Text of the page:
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Using artificial intelligence, Dr. Shuiwang Ji plans to make predictions from graphs that could be used to help areas such as science, fluid dynamics, chemistry, physics and biotechnology. | Image: Getty Images

What if artificial intelligence could be used to spur discovery in areas such as biotechnology, drug discovery and fluid dynamics? Using geometric graphs and innovative methodologies, AI can solve fundamental problems in basic natural science. The possibilities are endless in this relatively new field known as AI for science.

In the Department of Computer Science and Engineering at Texas A&M University, Dr. Shuiwang Ji recently received a National Science Foundation grant to research 3D graphs and artificial intelligence.

The professor aims to develop a methodology to represent molecules and proteins using 3D or geometric graphs to predict their behavior and properties. Once created, this methodology could help solve problems in physics, fluid dynamics and biotechnology.

“We try to use AI to understand the physical world we live in,” Ji said. “The findings of this research may take time to become practical, but once that happens and we develop a powerful AI method, it can be applied to many different areas because this is fundamental research. It’s similar to when the discovery of the electron led to electricity.”

Completeness, efficiency and applications

The challenge lies in the uniqueness of Ji’s project: bridging completeness, efficiency and applications in 3D graphs. The application aspect refers to applying Ji’s methodology to molecular dynamics, molecular simulations and drug discovery. Completeness refers to capturing complete information, and efficiency refers to processing large inputs. With this kind of work, there are usually trade-offs. 

“Traditionally, if you want to capture complete input information, the process will be quite slow to train this network,” Ji said. “On the other hand, if you want the training to be fast, you cannot capture complete information. I aim to develop a method that will be both and solve different applications in molecules, proteins and material science. This might be the first time these three things are being put together.”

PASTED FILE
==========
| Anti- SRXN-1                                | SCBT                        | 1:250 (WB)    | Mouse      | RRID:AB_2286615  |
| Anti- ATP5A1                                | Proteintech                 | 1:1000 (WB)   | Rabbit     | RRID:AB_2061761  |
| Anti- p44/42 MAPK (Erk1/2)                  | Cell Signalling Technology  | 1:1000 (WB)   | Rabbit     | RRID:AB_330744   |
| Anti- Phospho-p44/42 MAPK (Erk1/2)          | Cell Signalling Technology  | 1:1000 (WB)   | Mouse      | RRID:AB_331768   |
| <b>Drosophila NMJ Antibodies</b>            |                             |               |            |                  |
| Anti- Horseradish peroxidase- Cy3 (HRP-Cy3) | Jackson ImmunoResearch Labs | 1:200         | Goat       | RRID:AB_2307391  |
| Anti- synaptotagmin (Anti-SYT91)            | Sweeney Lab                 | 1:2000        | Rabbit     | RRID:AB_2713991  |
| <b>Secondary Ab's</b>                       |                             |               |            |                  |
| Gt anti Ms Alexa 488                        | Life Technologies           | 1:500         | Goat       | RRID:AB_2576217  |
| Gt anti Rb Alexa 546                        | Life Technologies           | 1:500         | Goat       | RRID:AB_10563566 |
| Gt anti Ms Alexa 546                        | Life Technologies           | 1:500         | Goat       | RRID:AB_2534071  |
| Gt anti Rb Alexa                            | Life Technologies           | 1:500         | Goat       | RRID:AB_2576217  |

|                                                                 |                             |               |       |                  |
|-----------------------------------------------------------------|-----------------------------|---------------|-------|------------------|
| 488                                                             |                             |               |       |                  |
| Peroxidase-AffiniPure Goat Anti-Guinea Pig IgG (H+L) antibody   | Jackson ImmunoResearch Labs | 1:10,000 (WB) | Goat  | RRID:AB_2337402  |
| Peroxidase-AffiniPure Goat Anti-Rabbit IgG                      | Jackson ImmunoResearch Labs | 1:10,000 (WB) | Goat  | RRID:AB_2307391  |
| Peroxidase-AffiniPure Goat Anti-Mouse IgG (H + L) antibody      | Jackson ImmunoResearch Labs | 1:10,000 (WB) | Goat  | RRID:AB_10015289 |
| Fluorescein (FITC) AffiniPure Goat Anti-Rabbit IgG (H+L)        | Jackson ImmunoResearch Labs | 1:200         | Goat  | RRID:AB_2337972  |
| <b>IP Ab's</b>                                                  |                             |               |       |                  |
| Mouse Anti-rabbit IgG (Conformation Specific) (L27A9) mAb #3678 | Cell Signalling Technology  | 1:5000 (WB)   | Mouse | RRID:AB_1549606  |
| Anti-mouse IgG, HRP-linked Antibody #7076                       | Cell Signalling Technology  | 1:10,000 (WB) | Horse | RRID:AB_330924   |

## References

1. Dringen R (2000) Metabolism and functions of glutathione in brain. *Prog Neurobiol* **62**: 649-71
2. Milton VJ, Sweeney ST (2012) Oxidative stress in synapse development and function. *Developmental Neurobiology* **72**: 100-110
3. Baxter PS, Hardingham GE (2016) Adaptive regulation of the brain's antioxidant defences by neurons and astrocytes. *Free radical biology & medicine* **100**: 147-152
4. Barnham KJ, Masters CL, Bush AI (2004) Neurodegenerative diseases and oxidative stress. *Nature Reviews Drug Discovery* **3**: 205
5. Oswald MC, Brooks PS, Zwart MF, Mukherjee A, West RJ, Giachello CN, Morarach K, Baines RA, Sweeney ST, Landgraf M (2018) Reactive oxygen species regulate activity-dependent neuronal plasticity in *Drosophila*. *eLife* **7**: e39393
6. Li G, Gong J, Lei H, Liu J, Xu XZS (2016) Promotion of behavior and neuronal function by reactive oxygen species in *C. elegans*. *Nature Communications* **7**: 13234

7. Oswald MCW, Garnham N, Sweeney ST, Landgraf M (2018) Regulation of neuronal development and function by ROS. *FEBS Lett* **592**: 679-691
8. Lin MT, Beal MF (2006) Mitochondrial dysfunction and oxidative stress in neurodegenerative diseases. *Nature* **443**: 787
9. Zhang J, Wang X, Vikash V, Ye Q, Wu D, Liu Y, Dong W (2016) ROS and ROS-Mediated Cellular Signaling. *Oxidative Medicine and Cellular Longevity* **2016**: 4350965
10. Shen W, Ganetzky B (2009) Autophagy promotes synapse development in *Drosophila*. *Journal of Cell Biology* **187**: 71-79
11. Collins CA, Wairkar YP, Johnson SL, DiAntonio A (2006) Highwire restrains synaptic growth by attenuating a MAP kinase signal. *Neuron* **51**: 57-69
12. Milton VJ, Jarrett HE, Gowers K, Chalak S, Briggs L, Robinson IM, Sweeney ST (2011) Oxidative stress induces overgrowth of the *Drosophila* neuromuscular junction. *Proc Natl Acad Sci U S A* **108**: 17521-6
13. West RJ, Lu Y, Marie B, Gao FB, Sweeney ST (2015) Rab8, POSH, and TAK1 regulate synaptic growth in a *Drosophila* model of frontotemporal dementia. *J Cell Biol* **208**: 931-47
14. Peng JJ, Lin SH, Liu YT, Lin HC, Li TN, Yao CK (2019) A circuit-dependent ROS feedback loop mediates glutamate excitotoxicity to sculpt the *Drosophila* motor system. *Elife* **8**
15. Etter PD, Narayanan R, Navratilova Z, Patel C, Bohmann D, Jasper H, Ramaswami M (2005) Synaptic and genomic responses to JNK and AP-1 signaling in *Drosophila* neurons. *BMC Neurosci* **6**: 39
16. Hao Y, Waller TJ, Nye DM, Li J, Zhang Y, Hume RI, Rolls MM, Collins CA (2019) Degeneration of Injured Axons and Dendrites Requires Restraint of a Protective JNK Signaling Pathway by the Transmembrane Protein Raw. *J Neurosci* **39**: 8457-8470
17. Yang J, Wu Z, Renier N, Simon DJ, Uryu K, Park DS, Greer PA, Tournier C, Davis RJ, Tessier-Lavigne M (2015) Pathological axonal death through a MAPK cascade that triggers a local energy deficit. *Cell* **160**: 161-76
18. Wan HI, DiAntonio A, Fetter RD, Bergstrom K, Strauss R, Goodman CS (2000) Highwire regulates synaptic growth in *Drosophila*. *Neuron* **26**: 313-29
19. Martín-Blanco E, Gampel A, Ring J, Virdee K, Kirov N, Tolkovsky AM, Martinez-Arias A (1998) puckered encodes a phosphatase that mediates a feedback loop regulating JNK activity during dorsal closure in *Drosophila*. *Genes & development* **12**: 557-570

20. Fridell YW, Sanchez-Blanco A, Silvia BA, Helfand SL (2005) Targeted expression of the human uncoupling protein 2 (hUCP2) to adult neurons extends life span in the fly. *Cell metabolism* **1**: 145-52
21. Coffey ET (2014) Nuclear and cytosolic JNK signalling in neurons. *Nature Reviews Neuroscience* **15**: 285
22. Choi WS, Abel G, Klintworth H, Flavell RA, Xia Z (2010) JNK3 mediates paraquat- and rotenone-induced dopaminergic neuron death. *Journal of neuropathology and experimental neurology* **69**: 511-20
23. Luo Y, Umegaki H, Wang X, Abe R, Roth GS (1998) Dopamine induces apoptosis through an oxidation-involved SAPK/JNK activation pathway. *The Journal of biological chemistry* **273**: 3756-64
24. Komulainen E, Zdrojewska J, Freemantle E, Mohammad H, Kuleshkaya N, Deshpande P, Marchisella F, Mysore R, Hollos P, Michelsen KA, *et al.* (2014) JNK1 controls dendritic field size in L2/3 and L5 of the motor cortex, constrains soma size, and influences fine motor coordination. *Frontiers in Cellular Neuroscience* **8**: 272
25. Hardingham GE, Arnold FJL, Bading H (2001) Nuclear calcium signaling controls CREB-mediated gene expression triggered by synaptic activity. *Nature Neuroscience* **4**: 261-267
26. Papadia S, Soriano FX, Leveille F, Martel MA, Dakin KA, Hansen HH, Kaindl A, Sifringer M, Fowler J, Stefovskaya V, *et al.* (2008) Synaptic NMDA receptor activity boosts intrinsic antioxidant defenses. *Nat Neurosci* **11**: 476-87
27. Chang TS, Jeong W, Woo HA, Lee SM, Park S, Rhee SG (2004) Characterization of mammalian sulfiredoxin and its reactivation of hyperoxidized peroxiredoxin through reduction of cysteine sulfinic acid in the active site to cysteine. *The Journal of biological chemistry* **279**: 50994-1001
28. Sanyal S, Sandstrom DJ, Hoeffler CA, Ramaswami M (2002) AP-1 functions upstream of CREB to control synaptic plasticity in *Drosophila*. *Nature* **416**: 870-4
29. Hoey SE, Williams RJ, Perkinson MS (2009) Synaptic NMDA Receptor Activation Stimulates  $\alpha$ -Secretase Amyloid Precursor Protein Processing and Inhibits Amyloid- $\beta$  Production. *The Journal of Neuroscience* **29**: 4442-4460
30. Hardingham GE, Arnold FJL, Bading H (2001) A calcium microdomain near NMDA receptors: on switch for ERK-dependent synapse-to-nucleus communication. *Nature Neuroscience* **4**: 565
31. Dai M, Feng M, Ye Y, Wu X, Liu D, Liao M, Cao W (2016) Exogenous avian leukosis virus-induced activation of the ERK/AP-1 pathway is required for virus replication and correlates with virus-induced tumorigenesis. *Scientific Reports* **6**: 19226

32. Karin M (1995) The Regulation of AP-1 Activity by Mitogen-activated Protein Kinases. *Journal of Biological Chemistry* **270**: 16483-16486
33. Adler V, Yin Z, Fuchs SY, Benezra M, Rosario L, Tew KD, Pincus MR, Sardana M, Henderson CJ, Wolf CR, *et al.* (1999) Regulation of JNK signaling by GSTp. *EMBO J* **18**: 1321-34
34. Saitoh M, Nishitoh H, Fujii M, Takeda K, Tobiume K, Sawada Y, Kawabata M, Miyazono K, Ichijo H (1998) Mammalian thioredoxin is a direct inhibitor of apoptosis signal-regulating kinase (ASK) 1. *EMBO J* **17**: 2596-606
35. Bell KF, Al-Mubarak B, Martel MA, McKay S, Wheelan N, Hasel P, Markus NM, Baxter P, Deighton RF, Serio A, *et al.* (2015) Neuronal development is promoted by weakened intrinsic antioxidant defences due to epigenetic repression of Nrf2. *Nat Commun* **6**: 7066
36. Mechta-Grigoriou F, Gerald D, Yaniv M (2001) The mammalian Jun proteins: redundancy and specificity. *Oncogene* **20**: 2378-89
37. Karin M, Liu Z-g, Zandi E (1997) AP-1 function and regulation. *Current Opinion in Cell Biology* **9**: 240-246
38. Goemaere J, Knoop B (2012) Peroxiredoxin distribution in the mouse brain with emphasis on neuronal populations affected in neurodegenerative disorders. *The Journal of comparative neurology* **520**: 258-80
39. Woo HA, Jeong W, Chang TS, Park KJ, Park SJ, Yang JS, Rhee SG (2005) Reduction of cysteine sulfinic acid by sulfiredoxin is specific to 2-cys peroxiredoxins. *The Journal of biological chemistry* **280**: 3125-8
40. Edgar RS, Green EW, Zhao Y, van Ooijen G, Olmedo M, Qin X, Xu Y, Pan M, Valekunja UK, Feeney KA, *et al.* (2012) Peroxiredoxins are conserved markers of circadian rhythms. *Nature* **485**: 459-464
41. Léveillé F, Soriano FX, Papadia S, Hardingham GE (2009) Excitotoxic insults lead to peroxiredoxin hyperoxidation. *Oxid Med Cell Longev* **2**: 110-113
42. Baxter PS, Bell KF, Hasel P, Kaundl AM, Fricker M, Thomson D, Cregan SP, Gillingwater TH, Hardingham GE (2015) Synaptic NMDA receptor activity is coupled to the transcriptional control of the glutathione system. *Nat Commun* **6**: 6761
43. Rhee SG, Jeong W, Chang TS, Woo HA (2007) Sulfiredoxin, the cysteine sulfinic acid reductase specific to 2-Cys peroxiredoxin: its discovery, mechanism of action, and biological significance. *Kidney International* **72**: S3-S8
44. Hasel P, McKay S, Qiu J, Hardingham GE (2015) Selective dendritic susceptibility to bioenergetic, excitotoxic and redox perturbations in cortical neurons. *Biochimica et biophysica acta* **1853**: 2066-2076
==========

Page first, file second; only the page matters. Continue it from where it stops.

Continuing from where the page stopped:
We use AI to solve problems in computer science, chemistry, fluid dynamics and material science, but we are not experts in these fields. It would be good to collaborate with these individuals to see what challenges they face that we can try to solve.

Dr. Shuiwang Ji

Understanding graphs and real-world applications

Graphs are used to represent certainties in the physical world. For instance, a standard graph could represent a social network, where each node is a person, and the edges represent relationships; if Person A is in an email communication with Person B, there is an edge from A to B.

 “In science, we can characterize a problem as a geometric graph,” Ji said. “This is very different from standard graphs because each node will also have a location or coordinate in 3D space. You can consider a molecule as a geometric graph, where each atom is a node and chemical bonds characterize their relationships. Each atom also has a location in 3D space, which gives you the 3D geometry of these molecules. How the molecule will perform critically depends on 3D geometry.”

 A material that geometric graphs can represent is drugs, which are made of molecules. A drug will have a 3D shape, dock to a receptor and bind a protein like a key to a lock. The 3D geometry of the drug is important because it can be formulated as a prediction problem to find out if the drug can be used as an antibiotic or not.

“The drug industry is interested in molecular dynamics, and a similar model has been used to screen a large potential antibiotic database,” Ji said. “They set out to identify a molecule that could potentially be used as an antibiotic, validated their findings in the lab and actually identified a new antibiotic.”  

The applications of this project include not only drug discovery but also material science, partial differential equations and aerospace engineering, to name a few. Ji plans to focus on the methodology rather than one area of study, inviting collaboration from experts in a wide range of fields to lend insight into this work and solve many problems.

“This is a highly interdisciplinary area,” Ji said. “We use AI to solve problems in computer science, chemistry, fluid dynamics and material science, but we are not experts in these fields. It would be good to collaborate with these individuals to see what challenges they face that we can try to solve.”

Where it all began

Though Ji begins this research project on the first of August, he has been working on AI for science for a few years. He even led a technical survey review paper laying the foundation for this research project, “Artificial Intelligence for Science in Quantum, Atomistic, and Continuum Systems.” Similar to the project's goal, this 263-page paper invited collaboration from researchers of various fields, including contributions from 63 authors and 14 universities.

“Since AI for science is a relatively new area, there is not a lot of literature on the subject to reference,” Ji said. “The project is a subset of the paper and focuses on molecular dynamics/representations, representing molecules and proteins in terms of geometric graphs. The paper lays a foundation for this project to move forward.”